Thank-you. The distance does differ depending where we are, the places he goes further away are my 'safer' places. Thinking about it the places I like him to stay closer I do talk to him more. It's nice to know I might one day have a dog that potters along beside me.

25 minutes ago, brihop said:

At one point he wandered off and looked like he was following a scent. At about twenty feet I called him but no response, thirty feet the same and on he went. Eventually had to go to him to find him eating discarded food. Gave leave it command which he obeyed then came to me. Guess I have to work on building a better recall. Any suggestions please.

I just keep practicing recall when we're out, not when he's distracted following a scent but between scents or when I see him checking on me, then I praise loads and treat with food/ball and release him again. For a while I treated every time he came close enough to me, now I treat every other time he voluntarily comes to me. I keep my eyes super open, if I see something I want him to avoid we take a wide berth.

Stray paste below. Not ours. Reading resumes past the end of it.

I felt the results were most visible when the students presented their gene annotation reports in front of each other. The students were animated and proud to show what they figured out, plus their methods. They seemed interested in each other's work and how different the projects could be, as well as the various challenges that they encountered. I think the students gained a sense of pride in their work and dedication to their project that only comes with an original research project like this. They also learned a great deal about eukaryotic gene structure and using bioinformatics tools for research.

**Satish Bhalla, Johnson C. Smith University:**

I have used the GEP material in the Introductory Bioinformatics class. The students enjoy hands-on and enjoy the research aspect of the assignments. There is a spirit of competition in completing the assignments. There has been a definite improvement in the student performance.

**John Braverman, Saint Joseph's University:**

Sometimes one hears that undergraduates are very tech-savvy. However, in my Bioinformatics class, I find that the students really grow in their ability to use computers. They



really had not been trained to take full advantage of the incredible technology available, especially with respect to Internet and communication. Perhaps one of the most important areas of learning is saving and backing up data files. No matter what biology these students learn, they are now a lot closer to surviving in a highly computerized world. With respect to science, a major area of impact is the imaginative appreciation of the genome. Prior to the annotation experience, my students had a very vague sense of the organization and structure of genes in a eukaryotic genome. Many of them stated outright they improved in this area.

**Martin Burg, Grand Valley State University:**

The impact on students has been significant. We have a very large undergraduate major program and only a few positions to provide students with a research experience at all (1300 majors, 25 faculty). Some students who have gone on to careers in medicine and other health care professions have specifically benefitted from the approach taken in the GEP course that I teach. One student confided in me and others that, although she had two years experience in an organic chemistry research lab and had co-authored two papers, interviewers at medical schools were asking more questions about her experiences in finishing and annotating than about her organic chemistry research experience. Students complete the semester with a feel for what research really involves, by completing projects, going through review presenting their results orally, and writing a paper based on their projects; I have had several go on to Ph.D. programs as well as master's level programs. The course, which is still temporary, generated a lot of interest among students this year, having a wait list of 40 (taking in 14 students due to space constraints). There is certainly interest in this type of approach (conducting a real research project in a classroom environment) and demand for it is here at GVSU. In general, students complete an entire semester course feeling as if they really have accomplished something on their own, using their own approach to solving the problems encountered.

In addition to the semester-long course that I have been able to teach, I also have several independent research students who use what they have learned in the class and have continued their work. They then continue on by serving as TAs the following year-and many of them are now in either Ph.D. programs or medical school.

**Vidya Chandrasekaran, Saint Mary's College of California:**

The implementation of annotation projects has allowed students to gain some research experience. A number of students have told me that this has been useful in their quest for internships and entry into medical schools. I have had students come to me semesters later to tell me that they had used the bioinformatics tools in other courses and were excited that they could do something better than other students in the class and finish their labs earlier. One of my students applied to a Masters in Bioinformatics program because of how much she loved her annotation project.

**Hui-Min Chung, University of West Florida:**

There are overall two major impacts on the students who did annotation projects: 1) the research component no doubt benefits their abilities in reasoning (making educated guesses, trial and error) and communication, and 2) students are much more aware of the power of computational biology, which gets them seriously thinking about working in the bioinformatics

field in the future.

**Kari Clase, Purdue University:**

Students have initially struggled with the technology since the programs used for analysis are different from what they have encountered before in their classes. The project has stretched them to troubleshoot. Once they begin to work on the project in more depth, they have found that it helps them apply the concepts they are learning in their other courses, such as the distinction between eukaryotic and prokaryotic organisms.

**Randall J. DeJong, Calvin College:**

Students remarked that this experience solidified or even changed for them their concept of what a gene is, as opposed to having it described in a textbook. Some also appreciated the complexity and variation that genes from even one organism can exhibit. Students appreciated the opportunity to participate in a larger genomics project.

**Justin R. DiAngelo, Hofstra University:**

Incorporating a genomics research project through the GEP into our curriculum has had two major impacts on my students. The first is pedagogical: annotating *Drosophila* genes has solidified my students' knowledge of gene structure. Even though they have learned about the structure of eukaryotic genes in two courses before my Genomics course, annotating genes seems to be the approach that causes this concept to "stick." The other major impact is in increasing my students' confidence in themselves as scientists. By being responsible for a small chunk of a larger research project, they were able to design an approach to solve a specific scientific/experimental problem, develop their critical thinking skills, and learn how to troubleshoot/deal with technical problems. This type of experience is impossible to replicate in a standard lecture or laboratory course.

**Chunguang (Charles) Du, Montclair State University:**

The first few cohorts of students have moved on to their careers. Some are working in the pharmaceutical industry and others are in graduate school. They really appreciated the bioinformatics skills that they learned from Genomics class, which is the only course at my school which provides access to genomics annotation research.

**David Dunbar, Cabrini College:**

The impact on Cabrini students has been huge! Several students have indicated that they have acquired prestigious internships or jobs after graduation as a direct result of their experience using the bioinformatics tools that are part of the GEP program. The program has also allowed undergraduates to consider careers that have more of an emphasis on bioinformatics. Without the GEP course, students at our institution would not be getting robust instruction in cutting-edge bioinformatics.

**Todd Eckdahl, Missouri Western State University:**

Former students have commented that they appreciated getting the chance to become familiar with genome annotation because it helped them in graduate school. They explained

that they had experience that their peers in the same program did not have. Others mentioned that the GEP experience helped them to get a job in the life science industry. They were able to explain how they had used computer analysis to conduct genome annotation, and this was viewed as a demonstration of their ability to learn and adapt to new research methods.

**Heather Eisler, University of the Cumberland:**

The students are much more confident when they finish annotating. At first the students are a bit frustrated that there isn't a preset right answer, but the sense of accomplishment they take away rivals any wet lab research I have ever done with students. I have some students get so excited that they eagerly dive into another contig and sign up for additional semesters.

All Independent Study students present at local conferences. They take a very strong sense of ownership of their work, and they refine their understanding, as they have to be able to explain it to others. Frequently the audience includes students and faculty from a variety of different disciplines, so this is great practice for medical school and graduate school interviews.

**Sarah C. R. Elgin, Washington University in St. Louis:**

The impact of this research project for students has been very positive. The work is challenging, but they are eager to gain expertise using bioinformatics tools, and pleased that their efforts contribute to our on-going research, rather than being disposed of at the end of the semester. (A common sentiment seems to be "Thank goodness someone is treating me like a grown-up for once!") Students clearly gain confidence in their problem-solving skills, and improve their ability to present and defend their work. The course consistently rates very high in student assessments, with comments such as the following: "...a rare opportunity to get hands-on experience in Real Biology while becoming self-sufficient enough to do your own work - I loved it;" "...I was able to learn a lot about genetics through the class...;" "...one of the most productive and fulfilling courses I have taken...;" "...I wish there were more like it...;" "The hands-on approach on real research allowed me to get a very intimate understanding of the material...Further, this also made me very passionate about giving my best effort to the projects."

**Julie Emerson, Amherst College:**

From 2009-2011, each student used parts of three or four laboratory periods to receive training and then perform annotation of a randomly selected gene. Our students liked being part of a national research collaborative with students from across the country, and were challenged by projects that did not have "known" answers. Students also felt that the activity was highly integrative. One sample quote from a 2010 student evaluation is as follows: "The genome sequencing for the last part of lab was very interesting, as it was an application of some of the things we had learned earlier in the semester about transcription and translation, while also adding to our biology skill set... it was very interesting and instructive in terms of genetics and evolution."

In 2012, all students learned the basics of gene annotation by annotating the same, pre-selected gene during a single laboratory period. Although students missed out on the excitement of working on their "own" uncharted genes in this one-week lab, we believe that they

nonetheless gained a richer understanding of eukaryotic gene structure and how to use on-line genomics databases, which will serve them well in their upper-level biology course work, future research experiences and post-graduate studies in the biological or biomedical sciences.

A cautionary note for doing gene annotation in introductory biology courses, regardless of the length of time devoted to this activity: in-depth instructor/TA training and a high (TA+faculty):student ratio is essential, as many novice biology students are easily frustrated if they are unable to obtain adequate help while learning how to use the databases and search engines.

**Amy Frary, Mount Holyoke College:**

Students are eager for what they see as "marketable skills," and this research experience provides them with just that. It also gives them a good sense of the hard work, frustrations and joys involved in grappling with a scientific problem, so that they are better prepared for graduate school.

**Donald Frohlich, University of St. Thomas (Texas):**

It is hard to compete with food though, or scent trails as they seem to go deaf when their brain is very focussed on something. I read somewhere that a whistle cuts through the selective deafness they get when they're distracted by something. A couple of months ago I got one. We set it at home with very high value treats, stuff he never normally gets. Then practiced very sparingly (once or twice only in a day, maybe once a week) when out in a low distraction environment and when he was on a long lead (so there was no chance of a fail) with very high value treats. One time it was put to the test, just as I was about to blow it a bird took his attention and he gave chase, as I blew the whistle he did the most amazing skidding U-turn and came back. It's quite piercing so not really practical to use all the time and I don't trust his recall vs distractions so I don't want to risk using it if there's any chance he might not respond. Also, however far away he is from me, if he sees me getting it out my pocket he's already on his way before I even manage to use it, which seems a bit pointless. I coupled blowing the whistle with opening my arms wide and crouching down, which is a big action he can see from far away. While I don't use the whistle very often, if he is looking in my direction and I do that action he comes running. The action seems more effective than a word, although obviously he has to be looking at me first.